After the Cincinnati Children’s Hospital posted a video of the talk online, the PANDAS Network, a nonprofit advocacy organization that is listed as one of the National Institute of Mental Health’s Outreach Partners, shared it on Facebook. All hell broke loose. “Move over you foolish man,” read a comment from the PANDAS Network’s account. “Step away from the podium.”

“His swipes at Dr. Swedo and Cunningham … are so incredibly rude and flat-out unprofessional,” one commenter wrote.

“This man needs to be stopped,” wrote another.

Within a week, the group had issued a “call to action,” directing its members to file complaints against Gilbert with the Ohio State Medical Board and the Accreditation Council for Continuing Medical Education. “[Dr. Gilbert] mocked the disorder, disparaged researchers, misled attendees, encouraged physicians to commit medical malpractice, and generally enjoyed a jolly good time laughing along with his colleagues at desperate parents,” attorney Beth Maloney wrote in a letter to his employer. “The general medical bigotry that was on full display caused me to wonder whether your hospital will next try to take PANDAS children from parents who disagree with its doctors.”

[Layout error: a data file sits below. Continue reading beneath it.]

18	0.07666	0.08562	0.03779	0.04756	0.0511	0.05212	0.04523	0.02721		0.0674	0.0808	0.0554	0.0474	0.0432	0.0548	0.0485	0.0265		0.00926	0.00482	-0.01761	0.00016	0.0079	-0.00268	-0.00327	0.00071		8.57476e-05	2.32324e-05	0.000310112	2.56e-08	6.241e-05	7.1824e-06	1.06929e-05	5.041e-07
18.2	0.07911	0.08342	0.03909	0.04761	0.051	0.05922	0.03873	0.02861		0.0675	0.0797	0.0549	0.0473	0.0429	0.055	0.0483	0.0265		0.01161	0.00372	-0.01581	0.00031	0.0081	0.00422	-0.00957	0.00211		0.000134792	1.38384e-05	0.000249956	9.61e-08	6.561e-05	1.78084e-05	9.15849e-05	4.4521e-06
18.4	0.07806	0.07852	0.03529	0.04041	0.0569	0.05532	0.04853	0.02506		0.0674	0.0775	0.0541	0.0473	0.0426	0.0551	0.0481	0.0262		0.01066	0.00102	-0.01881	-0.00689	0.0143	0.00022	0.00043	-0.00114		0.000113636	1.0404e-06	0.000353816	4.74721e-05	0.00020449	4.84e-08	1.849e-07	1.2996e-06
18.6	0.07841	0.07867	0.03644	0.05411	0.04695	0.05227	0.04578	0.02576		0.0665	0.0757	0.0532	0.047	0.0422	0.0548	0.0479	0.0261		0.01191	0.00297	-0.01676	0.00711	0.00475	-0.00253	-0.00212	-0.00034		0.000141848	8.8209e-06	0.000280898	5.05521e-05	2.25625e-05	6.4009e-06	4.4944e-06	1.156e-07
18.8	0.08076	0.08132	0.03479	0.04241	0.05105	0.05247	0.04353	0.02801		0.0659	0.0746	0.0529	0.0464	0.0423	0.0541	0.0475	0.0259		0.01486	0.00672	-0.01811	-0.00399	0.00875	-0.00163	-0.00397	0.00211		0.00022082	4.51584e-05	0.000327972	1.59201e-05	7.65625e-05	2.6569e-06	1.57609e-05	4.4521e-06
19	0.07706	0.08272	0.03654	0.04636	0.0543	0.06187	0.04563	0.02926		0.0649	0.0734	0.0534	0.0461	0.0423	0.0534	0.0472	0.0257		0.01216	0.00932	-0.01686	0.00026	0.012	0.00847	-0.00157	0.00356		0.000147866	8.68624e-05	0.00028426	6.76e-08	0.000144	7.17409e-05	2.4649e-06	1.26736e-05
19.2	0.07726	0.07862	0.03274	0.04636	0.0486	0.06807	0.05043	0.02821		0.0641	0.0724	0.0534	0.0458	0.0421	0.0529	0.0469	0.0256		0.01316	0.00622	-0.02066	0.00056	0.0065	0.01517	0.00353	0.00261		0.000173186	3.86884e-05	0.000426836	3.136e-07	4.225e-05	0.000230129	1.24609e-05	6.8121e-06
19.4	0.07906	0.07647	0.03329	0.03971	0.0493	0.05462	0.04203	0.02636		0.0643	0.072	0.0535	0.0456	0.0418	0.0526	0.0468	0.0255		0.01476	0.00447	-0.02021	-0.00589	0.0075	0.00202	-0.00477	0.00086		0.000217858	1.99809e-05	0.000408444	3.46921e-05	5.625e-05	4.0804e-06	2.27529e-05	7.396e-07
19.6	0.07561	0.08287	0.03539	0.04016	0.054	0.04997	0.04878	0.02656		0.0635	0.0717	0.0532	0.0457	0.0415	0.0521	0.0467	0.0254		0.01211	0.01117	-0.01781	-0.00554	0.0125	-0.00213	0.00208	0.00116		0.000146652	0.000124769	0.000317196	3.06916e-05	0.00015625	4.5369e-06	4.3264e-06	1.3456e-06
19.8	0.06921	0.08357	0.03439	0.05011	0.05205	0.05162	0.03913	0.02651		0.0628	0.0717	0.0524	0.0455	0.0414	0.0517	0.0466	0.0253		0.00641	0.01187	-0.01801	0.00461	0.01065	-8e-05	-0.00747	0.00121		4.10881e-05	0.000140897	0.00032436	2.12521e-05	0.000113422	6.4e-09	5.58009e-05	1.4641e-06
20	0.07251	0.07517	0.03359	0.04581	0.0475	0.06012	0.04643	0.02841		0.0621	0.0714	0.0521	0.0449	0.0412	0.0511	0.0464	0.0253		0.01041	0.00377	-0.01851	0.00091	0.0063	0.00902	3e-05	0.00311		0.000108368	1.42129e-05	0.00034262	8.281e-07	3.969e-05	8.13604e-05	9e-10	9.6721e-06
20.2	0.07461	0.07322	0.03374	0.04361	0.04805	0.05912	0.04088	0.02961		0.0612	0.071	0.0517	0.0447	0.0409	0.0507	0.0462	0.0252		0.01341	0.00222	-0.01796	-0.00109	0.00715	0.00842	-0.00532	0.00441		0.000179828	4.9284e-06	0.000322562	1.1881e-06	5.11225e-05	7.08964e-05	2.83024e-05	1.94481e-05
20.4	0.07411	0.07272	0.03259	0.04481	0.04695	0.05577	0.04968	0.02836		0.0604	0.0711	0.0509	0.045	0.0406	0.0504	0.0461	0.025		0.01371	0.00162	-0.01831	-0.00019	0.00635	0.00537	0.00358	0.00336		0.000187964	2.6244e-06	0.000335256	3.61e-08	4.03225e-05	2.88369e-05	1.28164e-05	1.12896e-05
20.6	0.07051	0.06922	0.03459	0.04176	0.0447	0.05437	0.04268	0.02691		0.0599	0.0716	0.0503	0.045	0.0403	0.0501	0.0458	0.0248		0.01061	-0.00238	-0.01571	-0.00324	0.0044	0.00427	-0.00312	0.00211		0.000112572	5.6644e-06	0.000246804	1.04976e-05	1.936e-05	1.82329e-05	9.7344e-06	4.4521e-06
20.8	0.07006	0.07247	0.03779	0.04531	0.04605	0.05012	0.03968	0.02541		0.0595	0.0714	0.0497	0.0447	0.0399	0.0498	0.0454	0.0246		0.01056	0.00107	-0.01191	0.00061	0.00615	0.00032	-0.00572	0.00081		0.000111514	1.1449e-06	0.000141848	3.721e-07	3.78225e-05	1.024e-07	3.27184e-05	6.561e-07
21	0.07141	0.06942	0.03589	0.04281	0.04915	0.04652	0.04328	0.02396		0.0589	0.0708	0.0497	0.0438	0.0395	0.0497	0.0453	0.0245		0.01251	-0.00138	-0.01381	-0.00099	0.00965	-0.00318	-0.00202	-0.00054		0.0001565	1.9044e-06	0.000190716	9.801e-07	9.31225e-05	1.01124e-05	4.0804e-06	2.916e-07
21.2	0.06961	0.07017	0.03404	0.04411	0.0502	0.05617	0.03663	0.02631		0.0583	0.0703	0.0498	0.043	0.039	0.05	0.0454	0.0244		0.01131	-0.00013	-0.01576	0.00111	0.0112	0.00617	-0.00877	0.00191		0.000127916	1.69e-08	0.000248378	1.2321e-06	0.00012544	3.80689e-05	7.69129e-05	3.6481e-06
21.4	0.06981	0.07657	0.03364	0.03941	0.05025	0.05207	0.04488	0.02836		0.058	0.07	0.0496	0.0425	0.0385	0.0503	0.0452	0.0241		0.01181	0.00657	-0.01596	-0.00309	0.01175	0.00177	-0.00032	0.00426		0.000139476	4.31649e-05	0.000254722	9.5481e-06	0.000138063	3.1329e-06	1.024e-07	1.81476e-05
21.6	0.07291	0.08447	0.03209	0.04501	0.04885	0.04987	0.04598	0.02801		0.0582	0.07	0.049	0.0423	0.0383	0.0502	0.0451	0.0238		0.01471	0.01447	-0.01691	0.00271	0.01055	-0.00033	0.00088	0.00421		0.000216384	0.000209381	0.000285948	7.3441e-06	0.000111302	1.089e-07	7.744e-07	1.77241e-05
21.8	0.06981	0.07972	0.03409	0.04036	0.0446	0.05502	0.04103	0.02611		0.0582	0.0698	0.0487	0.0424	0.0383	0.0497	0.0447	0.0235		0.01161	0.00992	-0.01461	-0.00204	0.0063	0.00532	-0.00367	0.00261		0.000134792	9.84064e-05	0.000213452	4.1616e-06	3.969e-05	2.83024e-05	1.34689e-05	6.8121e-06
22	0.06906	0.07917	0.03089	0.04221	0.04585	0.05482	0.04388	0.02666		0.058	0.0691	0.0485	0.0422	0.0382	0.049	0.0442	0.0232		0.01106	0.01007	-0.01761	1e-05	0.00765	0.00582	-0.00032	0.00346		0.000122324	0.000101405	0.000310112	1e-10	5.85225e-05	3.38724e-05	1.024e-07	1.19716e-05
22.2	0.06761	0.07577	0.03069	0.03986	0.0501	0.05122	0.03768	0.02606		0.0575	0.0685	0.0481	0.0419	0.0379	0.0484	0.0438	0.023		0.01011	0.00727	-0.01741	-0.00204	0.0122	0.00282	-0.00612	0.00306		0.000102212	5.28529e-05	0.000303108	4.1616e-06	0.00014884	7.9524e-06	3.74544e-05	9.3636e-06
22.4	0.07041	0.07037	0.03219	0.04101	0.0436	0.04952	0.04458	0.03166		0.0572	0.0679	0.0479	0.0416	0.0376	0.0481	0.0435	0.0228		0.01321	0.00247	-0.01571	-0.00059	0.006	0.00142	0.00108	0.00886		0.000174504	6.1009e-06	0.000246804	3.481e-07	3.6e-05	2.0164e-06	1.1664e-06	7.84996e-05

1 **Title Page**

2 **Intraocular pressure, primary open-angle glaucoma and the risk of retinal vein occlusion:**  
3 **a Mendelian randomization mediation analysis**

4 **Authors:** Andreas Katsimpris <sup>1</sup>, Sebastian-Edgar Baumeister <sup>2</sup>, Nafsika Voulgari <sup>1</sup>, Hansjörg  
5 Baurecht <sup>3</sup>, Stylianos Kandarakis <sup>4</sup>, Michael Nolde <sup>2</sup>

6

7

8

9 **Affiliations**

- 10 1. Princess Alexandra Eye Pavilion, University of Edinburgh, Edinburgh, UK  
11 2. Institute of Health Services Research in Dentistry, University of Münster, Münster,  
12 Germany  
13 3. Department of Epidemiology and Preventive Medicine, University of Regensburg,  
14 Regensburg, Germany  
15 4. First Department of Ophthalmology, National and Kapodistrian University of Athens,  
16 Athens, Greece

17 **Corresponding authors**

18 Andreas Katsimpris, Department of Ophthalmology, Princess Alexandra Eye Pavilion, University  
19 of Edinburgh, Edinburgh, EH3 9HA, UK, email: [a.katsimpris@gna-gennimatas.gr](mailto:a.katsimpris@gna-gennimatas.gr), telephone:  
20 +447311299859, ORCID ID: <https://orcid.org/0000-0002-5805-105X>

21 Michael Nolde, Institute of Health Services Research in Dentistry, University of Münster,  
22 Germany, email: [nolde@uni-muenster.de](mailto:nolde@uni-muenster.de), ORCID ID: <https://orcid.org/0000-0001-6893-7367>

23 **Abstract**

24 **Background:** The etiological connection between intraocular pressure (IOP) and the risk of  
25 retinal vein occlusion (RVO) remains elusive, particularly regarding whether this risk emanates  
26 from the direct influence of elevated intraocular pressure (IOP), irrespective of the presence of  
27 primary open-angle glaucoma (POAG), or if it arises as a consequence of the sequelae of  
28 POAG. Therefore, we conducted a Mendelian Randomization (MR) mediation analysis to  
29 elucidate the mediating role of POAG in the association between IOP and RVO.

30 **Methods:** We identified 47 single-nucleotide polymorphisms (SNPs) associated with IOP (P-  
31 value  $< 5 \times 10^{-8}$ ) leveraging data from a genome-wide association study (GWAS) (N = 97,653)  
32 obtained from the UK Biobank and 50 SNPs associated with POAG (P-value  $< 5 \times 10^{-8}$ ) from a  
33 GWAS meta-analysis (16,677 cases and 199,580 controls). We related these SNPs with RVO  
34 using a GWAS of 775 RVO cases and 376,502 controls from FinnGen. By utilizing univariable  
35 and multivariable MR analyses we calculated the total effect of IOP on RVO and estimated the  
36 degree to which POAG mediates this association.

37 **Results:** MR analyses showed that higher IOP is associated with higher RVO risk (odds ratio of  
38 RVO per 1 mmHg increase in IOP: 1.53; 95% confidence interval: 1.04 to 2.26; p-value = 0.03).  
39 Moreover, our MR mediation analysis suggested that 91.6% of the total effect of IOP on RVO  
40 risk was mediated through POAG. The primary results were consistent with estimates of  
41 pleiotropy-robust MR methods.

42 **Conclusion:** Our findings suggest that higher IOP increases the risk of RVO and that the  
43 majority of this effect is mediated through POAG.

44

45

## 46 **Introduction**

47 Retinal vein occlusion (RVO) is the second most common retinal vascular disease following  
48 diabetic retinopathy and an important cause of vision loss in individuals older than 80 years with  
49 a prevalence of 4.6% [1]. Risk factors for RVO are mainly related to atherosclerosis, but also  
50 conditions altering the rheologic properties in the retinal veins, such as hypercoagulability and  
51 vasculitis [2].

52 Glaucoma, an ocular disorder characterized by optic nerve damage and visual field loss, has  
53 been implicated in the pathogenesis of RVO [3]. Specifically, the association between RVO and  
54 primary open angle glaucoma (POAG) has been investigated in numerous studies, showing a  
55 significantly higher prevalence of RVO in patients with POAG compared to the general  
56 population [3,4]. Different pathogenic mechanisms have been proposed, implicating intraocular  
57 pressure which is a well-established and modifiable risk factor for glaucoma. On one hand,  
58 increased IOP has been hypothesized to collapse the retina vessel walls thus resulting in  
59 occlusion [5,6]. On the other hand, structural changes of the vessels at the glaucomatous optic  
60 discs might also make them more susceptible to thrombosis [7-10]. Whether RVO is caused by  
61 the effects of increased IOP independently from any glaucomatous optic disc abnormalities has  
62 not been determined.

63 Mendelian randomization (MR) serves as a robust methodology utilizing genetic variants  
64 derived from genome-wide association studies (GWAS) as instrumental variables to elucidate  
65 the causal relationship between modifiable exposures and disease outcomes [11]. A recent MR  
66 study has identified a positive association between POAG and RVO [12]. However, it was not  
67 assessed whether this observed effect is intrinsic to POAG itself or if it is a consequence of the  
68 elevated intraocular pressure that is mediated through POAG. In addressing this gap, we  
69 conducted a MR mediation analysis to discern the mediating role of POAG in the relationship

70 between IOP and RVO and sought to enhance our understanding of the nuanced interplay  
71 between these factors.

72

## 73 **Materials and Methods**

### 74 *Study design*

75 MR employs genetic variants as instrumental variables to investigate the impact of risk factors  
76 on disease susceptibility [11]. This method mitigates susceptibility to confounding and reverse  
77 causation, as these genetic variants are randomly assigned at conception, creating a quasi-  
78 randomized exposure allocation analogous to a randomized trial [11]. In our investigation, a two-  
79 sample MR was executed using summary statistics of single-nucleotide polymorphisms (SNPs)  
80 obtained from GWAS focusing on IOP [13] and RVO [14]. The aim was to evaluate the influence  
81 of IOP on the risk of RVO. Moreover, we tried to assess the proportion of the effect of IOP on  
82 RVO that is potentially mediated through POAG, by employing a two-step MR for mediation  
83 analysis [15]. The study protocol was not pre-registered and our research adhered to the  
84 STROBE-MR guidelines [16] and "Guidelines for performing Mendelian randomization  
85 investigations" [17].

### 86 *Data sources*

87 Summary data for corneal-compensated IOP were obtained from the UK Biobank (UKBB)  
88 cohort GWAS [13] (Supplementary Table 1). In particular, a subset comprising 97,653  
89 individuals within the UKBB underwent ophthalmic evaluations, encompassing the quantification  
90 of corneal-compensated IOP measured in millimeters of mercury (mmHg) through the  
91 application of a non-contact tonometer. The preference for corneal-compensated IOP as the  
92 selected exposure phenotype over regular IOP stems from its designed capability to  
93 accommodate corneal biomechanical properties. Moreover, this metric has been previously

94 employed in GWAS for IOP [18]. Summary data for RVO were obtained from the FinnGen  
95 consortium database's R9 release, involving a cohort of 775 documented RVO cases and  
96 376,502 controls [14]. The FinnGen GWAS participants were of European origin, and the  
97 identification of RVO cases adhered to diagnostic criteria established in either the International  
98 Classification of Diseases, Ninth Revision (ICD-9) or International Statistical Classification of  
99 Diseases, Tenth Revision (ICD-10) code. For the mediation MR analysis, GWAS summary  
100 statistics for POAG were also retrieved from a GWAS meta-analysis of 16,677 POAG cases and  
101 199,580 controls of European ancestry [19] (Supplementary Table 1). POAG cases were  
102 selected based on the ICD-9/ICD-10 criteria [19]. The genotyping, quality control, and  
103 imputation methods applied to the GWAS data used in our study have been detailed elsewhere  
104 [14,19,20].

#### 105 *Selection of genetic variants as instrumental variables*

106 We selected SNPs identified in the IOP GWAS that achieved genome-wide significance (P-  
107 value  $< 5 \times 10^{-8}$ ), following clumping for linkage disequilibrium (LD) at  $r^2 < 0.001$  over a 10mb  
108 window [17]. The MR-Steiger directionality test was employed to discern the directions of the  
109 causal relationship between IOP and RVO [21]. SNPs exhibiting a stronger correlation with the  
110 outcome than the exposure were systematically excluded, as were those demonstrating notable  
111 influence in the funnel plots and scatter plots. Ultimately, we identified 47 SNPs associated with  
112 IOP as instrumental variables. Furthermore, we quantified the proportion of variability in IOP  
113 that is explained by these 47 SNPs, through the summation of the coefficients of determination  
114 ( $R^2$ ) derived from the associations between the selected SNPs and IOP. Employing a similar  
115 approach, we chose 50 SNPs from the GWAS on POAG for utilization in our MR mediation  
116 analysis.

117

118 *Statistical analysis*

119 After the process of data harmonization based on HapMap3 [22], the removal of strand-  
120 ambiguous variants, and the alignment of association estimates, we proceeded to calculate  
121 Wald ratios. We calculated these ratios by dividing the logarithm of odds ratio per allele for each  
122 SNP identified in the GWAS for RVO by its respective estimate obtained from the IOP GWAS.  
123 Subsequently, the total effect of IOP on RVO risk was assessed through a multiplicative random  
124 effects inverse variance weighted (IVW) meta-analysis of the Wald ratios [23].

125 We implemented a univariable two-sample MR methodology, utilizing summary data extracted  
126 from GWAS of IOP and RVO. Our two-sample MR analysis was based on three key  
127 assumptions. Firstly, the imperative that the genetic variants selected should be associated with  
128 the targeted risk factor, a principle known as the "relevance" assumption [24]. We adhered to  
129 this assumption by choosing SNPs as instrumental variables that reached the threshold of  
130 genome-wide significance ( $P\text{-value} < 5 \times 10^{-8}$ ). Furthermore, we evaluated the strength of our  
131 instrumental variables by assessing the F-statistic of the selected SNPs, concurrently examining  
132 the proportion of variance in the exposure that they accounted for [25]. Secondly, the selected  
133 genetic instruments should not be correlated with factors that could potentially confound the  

Gilbert says he was upset by the attacks but chose to ignore them at first. When he attended a professional conference a few months later, however, the organizers left his name off the program and advised him to register at the hotel under a false name for his own safety.  While he was there, he says, Swedo, who retired from the NIH last year and now serves as chief science officer for the PANDAS Physicians Network, asked to meet him.

When they met in the conference hotel, Swedo handed him printouts of his slides along with her handwritten responses. Gilbert disagreed with her about the science but says he saw that she wanted him to recognize the rigor in her own work. Swedo says she remains deeply offended that Gilbert compared her to a quack. “I had grounds to sue him, but I chose not to,” she says. She says she tries to warn parents about snake-oil salesmen and shuns healthcare providers she believes are over-diagnosing PANDAS. She lays blame for the explosion in questionable fringe therapies on the PANDAS naysayers such as Gilbert. “The controversy is responsible for the overtreatment of these kids,” Swedo says. “Mainstream medicine has failed to deliver recognition of suffering and a promise that we are going to find out what is happening.”

[1] Leckman JF, King RA, Gilbert DL, Coffey BJ, Singer HS, Dure LS 4th, Grantz H, Katsovich L, Lin H, Lombroso PJ, Kawikova I, Johnson DR, Kurlan RM, Kaplan EL. Streptococcal upper respiratory tract infections and exacerbations of tic and obsessive-compulsive symptoms: a prospective longitudinal study. J Am Acad Child Adolesc Psychiatry. 2011 Feb;50(2):108-118.

[2] Hesselmark E, Bejerot S. Biomarkers for diagnosis of Pediatric Acute Neuropsychiatric Syndrome (PANS) - Sensitivity and specificity of the Cunningham Panel. J Neuroimmunol. 2017 Nov 15;312:31-37.